The first few days of the pandemic I spent scouring Pinterest like many other moms (something I vow to almost never do as a special education teacher ;) for a way to make learning in a pandemic different. But like Andrea, I came to realize quickly that these ARE different times that cannot be ignored and should be embraced in any small or positive way that we can find. For that reason, we nap when we are tired, spend lots of time with our Dad and watch way too much Wiggles than I'd care to admit. Within these parameters I think I have seen the biggest degree of social change within my kids that I have seen over the course of the last year.
MOM BEHIND THE LABEL: Today is the thirteenth annual World Autism Awareness Day. Every year, international communities, hundreds of thousands of landmarks, buildings, homes and communities around the world come together on April 2nd, Autism Awareness Day, to Light It Up Blue in recognition of people with autism and those who love and support them. However with today’s global pandemic, are our children and families who live with autism remembered? Will the teachers, educational assistants, support workers, remember us during these uncertain times? Today I am writing this joint blog post with my colleague, Laura Seckington (aka @asd_teach) as we join forces to share our thoughts on how our roles as a parent and educator intersect. Let us all unload our worries for the immediate and distant future. Let's find a way to meet our own needs while dealing with those of our families that feel overwhelming.
~ Time Out ~
MOM BEIND THE LABEL: So what have I been doing for the last 2 weeks? To be honest… nothing. We play inside, we play outside, and when it's raining we play upstairs and then go downstairs. And YES, we do screens too! For the first time I was able to let Bella and Petie just be, as we were all learning how to be bored together.
If you want me to put this in edu-babble, I was unintentionally taking this time to know my learners. This time is not only allowing me to slow down and to let Bella just play, wander, stim (and stim some more), but it has turned into an opportunity to build my mindset of having no plans, whatsoever; and that is okay! Yes there are countless points during the day where I’m singing Old MacDonald for the hundredth time, but as I sit here in silence writing this post I’m realizing that in order for effective learning to take place now (and in the upcoming months), both my kids need a break from routine too.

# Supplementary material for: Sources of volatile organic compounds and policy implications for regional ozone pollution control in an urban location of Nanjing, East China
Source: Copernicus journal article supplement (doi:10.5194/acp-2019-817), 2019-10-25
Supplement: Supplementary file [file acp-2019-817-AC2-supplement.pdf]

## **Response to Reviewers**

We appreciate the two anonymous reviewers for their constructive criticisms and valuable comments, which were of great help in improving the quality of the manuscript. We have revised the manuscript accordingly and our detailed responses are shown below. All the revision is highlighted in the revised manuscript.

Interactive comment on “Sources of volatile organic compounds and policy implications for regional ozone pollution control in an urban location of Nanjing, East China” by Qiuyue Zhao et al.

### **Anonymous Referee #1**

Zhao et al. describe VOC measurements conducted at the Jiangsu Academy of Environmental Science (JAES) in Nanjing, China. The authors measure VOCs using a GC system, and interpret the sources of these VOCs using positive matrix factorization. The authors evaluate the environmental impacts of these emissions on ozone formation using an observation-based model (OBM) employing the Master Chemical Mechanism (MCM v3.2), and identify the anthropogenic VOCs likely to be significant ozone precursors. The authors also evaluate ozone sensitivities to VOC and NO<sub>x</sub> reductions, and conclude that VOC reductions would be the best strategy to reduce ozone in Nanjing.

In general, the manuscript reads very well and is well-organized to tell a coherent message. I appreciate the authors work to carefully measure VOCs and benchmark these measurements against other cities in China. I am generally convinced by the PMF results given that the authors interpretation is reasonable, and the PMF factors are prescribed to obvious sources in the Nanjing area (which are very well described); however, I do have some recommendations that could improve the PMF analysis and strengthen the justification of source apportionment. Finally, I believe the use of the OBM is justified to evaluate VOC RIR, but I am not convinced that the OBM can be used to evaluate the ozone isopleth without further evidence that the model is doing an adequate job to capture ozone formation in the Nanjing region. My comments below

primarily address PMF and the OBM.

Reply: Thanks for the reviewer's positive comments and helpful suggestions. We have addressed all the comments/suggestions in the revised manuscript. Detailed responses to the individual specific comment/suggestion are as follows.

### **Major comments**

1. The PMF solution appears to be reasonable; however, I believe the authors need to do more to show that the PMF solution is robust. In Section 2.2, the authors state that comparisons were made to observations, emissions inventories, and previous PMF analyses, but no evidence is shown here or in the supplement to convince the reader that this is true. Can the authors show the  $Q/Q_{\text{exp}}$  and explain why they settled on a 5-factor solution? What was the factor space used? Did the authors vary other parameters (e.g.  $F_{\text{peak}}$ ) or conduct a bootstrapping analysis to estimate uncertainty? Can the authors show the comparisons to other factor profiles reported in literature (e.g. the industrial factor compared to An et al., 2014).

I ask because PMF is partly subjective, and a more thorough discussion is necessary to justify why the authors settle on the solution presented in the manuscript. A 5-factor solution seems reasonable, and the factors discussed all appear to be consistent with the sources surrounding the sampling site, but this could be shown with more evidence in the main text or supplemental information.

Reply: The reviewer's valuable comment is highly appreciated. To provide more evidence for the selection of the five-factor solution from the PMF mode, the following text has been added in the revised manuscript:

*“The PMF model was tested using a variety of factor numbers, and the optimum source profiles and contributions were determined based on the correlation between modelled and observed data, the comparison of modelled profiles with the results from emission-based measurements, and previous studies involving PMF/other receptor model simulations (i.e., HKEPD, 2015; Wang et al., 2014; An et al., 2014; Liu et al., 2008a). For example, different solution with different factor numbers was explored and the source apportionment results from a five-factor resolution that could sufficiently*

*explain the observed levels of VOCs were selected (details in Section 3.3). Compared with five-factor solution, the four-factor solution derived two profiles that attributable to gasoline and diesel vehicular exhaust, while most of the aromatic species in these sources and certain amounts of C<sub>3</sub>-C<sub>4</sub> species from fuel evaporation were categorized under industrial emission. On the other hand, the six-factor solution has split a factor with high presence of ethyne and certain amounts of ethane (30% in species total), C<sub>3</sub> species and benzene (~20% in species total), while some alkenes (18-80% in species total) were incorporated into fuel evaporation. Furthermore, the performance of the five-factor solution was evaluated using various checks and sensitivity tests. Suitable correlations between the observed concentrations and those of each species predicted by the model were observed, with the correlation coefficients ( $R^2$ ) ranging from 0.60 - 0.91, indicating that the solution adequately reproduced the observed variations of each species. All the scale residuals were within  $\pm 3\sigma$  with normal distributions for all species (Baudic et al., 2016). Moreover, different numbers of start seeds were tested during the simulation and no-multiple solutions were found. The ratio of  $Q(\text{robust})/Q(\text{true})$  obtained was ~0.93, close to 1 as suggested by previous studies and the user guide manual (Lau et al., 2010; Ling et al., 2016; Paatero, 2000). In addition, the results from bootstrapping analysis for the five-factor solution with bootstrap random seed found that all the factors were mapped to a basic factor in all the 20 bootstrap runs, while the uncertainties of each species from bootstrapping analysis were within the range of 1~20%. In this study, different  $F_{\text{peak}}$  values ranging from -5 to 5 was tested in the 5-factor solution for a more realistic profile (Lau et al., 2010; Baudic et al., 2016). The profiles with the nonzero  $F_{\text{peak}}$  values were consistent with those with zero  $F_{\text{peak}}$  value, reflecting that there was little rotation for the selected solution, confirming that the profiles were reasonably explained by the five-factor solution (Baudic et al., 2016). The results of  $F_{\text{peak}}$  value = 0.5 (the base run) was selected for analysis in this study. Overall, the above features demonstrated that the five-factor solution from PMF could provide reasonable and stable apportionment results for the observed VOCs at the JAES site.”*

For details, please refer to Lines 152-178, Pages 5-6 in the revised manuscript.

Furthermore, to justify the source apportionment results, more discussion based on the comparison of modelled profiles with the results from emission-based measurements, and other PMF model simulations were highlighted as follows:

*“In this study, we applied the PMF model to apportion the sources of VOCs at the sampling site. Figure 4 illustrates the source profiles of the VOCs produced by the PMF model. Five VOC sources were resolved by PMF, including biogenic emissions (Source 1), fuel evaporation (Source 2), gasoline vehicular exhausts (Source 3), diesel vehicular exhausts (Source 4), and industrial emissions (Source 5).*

LAURA: I often find parallels between my life as a Mom of young children and a teacher of students with ASD. I want to program for them and teach them myself and I am constantly awe struck when they pick up skills organically. I remember the first time they started moving their bodies to music. I thought, "wait...who taught them that?" Before realizing that kids just learn this stuff all by themselves without programming, repetition or direct teaching.
So why are parents afraid to slow down and turn off? As a teacher of exceptional students, my summers run 3 months long. There is July and August where my students are at home, at camp, with cousins, on play dates, watching iPad for hours a day maybe - and then there is the third month of summer, September, when my students come back to structure, expectations and rules that they must "re-learn" before really finding their groove in October.